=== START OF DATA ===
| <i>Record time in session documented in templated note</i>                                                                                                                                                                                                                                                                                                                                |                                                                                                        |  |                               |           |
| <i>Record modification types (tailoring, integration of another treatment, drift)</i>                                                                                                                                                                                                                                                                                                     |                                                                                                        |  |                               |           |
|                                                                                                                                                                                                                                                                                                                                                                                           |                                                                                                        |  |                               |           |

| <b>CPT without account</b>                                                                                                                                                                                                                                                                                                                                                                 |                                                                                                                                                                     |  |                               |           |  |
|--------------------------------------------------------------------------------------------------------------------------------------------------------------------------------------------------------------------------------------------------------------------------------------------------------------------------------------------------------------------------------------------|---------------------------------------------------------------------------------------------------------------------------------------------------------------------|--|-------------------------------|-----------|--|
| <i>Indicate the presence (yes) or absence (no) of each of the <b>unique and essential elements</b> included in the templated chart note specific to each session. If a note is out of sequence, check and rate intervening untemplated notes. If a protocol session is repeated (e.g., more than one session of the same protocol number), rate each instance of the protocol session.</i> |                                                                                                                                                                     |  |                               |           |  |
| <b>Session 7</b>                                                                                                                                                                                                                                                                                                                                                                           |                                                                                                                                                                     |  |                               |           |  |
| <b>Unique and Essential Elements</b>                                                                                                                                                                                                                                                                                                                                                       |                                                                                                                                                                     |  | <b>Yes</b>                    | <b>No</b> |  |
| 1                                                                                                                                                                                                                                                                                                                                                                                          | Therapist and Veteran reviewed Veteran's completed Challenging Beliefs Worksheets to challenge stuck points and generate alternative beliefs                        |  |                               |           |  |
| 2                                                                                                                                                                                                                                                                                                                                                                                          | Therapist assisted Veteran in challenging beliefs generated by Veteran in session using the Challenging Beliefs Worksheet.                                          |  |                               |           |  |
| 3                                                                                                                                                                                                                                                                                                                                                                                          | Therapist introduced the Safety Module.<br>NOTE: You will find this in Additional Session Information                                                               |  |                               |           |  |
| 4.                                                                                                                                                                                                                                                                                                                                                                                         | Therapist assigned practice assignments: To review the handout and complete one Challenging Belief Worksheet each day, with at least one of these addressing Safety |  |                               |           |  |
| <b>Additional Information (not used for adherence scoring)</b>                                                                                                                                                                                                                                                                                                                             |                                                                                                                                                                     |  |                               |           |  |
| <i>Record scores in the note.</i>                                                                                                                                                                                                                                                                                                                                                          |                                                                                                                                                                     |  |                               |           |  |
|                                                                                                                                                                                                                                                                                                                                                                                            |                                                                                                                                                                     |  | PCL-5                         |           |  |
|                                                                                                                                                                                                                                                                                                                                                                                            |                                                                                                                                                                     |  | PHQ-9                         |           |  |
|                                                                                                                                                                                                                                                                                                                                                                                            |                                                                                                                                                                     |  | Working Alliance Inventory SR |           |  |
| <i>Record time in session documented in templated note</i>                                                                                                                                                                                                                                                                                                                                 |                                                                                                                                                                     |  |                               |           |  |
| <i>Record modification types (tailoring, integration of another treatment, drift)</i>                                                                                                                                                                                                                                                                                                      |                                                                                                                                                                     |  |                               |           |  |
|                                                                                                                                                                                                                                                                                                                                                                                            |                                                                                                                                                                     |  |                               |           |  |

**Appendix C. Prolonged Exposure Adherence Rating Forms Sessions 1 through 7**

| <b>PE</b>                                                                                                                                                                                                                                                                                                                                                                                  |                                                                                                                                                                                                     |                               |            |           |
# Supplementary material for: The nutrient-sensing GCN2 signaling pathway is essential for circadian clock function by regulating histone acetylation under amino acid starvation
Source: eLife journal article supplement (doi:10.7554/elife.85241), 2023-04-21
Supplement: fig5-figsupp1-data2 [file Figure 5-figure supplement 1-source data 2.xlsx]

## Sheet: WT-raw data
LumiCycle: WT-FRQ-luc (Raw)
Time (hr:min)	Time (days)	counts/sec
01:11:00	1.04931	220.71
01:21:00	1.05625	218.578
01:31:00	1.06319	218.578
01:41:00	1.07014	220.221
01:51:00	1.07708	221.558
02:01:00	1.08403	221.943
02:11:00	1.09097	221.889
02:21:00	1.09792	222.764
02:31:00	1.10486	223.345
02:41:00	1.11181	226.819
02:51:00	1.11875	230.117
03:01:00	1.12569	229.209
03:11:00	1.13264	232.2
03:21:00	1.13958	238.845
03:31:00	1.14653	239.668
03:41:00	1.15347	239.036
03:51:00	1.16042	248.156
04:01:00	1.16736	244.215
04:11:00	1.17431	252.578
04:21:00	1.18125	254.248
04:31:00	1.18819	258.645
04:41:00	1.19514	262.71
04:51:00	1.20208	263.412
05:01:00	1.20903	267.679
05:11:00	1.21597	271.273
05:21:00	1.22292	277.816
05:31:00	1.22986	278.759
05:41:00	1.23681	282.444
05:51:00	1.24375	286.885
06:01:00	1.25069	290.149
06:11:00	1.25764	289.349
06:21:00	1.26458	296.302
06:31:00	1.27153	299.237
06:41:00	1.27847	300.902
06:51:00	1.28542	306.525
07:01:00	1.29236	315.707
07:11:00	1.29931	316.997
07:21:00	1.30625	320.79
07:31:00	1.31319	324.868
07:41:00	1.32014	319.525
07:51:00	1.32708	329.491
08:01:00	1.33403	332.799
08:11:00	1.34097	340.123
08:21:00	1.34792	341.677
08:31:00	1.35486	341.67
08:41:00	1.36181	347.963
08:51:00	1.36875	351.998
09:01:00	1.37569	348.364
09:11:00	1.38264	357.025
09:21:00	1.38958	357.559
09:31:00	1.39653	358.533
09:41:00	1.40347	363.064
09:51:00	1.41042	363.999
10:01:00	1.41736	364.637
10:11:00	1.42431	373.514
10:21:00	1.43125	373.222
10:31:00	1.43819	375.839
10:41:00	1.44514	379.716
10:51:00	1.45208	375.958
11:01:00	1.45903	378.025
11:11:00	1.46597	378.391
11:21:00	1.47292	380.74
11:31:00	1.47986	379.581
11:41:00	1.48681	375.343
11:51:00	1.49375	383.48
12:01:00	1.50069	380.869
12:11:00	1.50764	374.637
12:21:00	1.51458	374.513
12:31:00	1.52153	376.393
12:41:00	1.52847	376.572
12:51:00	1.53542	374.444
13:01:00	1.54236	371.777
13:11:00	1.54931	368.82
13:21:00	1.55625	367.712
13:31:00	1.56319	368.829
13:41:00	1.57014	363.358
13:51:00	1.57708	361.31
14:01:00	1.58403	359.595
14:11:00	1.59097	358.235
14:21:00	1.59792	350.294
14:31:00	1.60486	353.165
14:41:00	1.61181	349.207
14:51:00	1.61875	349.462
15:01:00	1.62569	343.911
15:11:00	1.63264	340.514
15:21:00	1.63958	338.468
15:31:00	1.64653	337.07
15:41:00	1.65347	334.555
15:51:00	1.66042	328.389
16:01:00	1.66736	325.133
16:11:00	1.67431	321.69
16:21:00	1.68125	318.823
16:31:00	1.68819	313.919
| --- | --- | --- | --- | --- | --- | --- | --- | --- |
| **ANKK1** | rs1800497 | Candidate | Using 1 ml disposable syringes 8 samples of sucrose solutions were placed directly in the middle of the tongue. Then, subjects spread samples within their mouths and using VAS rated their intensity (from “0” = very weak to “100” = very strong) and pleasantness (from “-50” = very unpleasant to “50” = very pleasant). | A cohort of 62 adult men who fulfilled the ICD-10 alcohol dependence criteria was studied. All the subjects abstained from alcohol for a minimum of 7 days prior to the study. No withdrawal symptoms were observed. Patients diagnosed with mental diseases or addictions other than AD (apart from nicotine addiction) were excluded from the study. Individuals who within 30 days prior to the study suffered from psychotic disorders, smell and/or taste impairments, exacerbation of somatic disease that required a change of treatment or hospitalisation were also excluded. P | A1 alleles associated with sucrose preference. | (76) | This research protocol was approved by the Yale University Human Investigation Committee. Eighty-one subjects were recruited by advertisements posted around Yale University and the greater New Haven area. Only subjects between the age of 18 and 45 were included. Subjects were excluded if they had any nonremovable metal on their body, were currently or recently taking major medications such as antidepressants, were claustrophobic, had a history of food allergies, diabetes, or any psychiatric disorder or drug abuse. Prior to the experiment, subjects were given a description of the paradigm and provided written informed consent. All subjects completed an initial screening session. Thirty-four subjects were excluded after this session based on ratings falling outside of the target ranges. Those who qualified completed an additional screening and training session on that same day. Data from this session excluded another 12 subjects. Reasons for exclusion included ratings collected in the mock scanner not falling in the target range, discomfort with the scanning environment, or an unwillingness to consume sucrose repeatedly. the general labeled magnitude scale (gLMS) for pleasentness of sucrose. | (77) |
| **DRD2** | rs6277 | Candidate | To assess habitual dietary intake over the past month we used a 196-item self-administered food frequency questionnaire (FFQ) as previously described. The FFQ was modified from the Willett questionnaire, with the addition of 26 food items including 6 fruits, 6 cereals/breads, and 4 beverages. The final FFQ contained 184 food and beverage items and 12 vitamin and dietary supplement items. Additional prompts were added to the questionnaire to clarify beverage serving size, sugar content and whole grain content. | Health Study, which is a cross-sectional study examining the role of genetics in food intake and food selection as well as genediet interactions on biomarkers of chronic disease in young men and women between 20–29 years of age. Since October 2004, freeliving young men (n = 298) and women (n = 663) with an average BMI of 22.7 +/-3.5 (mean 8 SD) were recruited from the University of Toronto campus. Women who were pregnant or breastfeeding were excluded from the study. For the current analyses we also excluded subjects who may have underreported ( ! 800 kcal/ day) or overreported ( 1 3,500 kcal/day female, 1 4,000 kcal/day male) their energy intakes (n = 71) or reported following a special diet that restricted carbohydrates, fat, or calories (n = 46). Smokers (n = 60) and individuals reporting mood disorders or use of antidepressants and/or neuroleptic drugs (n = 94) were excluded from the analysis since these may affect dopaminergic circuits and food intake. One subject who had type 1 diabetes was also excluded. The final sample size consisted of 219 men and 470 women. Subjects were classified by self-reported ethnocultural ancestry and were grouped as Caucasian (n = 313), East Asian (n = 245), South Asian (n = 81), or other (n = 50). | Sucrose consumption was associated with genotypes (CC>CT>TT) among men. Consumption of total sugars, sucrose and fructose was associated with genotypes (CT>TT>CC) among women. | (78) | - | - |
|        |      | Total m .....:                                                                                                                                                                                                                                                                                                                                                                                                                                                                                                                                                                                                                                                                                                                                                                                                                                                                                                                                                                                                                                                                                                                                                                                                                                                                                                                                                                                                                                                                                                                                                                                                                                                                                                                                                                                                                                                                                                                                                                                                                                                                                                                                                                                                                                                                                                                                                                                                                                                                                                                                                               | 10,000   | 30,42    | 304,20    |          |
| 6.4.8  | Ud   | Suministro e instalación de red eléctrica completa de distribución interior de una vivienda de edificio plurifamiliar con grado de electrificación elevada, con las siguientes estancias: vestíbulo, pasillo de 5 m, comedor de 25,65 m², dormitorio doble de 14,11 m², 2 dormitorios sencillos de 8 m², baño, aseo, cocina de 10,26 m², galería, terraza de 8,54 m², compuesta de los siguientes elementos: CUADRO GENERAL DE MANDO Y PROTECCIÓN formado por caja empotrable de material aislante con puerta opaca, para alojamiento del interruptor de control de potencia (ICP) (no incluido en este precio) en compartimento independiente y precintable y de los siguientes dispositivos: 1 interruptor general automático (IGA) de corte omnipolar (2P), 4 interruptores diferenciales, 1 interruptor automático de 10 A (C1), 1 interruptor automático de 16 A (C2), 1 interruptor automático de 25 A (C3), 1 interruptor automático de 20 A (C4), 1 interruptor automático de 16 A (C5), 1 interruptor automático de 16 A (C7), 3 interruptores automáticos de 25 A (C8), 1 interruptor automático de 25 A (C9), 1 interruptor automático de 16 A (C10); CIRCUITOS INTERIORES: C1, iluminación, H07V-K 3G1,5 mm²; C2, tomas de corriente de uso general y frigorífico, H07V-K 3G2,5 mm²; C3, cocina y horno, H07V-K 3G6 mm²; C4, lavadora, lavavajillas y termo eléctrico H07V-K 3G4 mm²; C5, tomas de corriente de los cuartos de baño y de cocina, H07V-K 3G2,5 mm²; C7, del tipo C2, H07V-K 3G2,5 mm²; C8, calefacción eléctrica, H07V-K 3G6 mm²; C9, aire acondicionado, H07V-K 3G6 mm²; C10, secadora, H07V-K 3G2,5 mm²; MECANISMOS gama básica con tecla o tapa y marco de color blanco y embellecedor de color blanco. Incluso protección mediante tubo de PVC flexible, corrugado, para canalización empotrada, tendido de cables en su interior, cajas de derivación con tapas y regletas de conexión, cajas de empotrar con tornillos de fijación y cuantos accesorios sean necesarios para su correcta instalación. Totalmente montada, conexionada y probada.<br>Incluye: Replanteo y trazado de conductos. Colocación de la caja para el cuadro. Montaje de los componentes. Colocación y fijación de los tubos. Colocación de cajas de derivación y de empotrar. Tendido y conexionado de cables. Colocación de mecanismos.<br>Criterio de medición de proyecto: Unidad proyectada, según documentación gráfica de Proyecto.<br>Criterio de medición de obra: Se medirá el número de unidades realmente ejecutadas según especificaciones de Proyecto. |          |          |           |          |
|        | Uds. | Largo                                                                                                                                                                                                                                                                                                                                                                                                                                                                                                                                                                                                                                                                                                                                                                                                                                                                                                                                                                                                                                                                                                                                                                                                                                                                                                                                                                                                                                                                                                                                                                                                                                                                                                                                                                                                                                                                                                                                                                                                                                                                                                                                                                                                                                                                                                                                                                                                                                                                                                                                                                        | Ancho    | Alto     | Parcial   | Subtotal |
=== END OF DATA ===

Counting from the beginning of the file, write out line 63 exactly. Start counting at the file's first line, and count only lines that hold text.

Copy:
06:51:00	1.28542	306.525